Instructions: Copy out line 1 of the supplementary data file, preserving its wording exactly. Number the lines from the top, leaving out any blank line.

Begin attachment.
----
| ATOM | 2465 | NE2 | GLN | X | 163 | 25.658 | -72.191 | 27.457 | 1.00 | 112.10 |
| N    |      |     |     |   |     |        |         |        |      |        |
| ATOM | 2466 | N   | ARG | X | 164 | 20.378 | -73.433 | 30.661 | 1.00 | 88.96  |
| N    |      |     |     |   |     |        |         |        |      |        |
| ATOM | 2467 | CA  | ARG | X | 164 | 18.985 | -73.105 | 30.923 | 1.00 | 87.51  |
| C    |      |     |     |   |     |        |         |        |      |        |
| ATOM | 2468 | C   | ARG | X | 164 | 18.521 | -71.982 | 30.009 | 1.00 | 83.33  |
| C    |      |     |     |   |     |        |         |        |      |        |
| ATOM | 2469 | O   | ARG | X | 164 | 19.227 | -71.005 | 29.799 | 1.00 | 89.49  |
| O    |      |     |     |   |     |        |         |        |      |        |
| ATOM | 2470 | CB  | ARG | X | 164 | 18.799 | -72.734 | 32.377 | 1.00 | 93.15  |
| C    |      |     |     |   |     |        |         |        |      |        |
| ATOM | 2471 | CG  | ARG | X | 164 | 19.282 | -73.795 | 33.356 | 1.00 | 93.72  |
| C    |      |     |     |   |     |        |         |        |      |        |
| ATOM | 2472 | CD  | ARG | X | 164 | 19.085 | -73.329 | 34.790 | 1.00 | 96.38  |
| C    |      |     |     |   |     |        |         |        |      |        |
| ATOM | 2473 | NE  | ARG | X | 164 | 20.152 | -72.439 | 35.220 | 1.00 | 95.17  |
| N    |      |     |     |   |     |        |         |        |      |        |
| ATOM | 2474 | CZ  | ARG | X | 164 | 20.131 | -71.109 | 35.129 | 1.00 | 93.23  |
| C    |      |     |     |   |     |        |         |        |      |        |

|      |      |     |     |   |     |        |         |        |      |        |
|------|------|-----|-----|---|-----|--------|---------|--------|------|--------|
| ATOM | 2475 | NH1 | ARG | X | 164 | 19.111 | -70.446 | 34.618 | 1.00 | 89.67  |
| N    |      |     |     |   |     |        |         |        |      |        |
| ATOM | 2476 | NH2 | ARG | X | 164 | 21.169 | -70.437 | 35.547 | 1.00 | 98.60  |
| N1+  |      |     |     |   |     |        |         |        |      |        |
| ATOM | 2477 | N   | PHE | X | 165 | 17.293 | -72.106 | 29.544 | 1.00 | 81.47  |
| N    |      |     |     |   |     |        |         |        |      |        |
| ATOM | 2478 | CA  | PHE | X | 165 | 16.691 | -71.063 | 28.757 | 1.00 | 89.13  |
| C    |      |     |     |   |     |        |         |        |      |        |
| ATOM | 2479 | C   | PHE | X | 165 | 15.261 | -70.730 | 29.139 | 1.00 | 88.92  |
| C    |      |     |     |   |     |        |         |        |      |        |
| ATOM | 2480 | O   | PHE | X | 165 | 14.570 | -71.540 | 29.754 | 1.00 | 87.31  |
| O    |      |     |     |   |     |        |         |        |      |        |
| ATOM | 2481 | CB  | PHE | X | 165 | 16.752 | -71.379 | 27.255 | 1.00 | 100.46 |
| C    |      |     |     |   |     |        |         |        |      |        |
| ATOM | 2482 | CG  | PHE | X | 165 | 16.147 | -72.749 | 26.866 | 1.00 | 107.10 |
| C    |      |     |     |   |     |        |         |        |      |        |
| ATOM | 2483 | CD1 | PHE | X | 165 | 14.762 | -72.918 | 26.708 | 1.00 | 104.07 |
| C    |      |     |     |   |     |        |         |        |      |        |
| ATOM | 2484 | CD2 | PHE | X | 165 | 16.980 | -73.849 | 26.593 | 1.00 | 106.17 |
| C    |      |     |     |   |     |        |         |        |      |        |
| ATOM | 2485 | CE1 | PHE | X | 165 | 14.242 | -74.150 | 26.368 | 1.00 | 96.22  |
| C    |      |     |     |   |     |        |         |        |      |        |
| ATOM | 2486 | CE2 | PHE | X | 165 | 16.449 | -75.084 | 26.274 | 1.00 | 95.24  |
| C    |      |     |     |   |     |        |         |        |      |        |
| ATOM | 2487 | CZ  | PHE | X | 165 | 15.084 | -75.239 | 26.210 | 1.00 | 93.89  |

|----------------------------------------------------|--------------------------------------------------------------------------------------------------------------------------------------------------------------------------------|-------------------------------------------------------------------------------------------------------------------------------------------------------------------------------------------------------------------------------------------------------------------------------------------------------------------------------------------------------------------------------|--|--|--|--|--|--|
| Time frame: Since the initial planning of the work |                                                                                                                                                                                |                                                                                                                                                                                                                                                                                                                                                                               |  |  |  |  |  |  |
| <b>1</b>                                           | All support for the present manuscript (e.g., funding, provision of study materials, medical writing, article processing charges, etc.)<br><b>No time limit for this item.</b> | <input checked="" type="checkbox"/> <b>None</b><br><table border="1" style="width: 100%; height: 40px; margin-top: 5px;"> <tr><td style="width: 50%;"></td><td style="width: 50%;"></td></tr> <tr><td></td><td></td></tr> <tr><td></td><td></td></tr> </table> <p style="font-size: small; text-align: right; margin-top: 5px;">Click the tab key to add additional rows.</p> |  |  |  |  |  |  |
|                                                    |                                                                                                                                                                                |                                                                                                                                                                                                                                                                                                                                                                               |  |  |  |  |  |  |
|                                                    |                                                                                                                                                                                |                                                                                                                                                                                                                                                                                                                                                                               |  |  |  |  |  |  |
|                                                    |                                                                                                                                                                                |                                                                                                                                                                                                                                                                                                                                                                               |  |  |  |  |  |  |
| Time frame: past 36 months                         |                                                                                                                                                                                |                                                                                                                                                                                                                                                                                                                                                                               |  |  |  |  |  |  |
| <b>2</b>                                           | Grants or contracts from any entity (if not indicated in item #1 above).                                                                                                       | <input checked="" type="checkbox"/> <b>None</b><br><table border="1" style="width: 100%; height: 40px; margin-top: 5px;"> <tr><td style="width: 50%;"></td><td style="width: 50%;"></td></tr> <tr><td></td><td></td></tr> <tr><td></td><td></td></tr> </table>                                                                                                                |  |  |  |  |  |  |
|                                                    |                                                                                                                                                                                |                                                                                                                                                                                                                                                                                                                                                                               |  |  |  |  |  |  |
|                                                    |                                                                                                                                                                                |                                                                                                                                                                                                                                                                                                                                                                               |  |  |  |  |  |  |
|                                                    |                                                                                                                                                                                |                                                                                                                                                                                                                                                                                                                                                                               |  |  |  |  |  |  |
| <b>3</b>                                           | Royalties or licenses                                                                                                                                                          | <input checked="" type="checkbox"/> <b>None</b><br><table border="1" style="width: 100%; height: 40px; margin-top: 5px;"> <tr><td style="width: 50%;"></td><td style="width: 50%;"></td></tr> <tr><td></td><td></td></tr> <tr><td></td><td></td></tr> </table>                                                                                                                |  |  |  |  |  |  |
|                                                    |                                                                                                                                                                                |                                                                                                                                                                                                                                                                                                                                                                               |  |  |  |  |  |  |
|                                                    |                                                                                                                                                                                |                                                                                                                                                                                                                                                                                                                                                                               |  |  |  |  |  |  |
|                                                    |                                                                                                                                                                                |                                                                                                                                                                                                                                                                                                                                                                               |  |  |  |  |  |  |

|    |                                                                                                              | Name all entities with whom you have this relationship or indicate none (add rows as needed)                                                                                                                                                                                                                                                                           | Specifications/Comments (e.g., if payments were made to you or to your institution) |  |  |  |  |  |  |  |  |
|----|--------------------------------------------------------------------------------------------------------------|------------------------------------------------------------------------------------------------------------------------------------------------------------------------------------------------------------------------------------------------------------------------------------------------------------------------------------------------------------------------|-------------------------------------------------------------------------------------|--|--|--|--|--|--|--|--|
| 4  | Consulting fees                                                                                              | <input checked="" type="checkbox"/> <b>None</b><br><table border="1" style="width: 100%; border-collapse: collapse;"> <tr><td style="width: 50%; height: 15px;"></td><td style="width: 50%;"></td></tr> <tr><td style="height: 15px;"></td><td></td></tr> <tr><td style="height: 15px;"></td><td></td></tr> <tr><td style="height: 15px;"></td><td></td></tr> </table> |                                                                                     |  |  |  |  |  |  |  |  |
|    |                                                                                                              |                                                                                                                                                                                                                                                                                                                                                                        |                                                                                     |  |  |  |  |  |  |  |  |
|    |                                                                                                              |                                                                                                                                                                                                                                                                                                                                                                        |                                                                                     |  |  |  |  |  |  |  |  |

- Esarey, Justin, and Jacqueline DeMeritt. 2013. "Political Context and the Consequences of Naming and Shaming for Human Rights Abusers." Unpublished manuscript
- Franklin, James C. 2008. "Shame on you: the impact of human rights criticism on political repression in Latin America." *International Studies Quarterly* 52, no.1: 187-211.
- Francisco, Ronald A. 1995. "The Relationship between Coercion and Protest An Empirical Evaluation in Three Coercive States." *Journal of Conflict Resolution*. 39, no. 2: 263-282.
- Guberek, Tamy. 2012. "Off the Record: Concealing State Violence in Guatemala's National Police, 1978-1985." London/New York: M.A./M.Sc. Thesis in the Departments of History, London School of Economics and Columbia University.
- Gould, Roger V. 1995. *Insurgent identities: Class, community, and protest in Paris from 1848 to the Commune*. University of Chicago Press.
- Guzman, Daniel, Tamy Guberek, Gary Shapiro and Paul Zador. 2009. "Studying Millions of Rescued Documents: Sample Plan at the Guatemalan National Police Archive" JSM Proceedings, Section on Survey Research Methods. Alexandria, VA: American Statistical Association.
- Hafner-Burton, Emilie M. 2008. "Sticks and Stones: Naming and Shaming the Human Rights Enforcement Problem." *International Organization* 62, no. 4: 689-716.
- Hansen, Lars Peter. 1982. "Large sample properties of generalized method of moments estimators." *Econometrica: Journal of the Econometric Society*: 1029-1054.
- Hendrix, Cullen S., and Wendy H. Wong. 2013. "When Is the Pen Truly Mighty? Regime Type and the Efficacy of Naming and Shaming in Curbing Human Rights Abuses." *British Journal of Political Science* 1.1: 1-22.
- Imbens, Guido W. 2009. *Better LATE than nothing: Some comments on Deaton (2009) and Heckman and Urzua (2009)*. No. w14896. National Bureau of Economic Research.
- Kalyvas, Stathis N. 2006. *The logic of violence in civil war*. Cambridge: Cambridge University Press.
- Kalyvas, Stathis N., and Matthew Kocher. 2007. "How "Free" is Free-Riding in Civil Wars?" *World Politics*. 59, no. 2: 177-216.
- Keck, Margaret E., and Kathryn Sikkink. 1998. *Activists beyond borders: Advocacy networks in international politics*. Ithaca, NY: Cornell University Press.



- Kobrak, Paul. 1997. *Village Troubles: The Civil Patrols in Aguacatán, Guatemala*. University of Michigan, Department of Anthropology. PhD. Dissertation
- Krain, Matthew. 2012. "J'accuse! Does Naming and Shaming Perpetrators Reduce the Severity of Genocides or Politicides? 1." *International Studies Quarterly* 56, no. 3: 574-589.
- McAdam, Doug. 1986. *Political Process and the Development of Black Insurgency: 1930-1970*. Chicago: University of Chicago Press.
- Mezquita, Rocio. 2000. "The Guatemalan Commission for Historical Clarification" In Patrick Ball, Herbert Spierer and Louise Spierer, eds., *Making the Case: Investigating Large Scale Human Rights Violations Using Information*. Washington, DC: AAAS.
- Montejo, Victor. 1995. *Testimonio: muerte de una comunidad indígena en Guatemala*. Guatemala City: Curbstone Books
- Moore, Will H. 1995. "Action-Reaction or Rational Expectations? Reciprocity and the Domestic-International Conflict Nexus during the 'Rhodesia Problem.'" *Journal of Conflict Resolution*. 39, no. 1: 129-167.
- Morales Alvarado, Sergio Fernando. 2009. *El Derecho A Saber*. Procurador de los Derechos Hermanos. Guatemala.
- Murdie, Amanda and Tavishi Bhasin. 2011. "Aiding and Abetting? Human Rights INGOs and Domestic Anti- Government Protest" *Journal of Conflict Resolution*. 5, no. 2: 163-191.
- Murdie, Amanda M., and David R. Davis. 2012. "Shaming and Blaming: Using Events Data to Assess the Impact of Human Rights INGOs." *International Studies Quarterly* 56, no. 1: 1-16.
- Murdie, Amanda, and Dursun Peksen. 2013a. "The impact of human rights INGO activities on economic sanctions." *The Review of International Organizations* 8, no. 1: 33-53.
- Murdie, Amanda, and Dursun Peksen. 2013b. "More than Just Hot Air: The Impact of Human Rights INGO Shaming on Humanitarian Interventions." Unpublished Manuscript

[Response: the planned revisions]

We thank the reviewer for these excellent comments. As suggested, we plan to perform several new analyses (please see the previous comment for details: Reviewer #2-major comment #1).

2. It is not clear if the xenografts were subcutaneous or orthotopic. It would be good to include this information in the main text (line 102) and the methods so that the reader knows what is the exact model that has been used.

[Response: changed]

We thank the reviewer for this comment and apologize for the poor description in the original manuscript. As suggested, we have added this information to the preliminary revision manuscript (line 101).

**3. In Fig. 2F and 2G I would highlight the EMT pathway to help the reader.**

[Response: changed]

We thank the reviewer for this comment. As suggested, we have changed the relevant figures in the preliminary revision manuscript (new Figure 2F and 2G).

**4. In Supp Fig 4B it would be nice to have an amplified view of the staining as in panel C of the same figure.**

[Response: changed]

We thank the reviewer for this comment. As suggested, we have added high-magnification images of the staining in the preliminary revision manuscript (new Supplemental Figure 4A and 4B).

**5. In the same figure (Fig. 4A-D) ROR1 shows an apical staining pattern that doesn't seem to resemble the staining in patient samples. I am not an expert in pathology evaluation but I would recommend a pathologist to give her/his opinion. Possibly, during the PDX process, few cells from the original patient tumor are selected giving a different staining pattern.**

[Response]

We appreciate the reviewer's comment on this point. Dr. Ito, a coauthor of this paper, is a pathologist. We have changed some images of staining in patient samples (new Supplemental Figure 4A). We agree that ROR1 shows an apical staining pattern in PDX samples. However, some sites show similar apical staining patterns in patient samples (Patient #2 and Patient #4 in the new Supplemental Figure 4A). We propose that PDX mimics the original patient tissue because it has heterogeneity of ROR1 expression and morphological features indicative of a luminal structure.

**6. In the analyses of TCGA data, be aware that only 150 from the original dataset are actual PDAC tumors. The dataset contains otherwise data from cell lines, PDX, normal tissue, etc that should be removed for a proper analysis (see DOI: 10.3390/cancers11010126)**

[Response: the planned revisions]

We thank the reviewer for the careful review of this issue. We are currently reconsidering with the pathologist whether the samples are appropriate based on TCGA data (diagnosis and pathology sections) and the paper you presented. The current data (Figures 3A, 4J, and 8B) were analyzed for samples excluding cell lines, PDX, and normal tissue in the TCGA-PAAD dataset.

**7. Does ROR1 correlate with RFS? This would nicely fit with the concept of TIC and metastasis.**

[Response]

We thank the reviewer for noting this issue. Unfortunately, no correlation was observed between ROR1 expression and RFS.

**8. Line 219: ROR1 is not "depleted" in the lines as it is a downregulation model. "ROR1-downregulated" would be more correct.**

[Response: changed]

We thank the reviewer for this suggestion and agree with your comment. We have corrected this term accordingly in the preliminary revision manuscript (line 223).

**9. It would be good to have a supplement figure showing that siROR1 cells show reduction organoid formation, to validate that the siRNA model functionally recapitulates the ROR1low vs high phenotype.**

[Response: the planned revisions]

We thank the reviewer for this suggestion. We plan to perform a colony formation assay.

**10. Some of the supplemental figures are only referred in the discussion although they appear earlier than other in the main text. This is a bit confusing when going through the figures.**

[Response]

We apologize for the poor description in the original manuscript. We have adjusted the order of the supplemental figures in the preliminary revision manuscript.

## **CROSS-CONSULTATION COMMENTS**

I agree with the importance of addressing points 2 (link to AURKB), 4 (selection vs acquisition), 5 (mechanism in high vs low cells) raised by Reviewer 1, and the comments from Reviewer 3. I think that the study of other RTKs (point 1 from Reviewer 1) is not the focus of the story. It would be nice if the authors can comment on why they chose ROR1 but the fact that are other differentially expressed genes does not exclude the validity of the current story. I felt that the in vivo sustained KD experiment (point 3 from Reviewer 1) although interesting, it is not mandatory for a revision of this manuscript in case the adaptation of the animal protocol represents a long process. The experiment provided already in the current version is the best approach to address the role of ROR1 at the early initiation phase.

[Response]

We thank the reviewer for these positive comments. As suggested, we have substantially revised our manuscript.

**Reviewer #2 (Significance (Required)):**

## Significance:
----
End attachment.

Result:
| ATOM | 2465 | NE2 | GLN | X | 163 | 25.658 | -72.191 | 27.457 | 1.00 | 112.10 |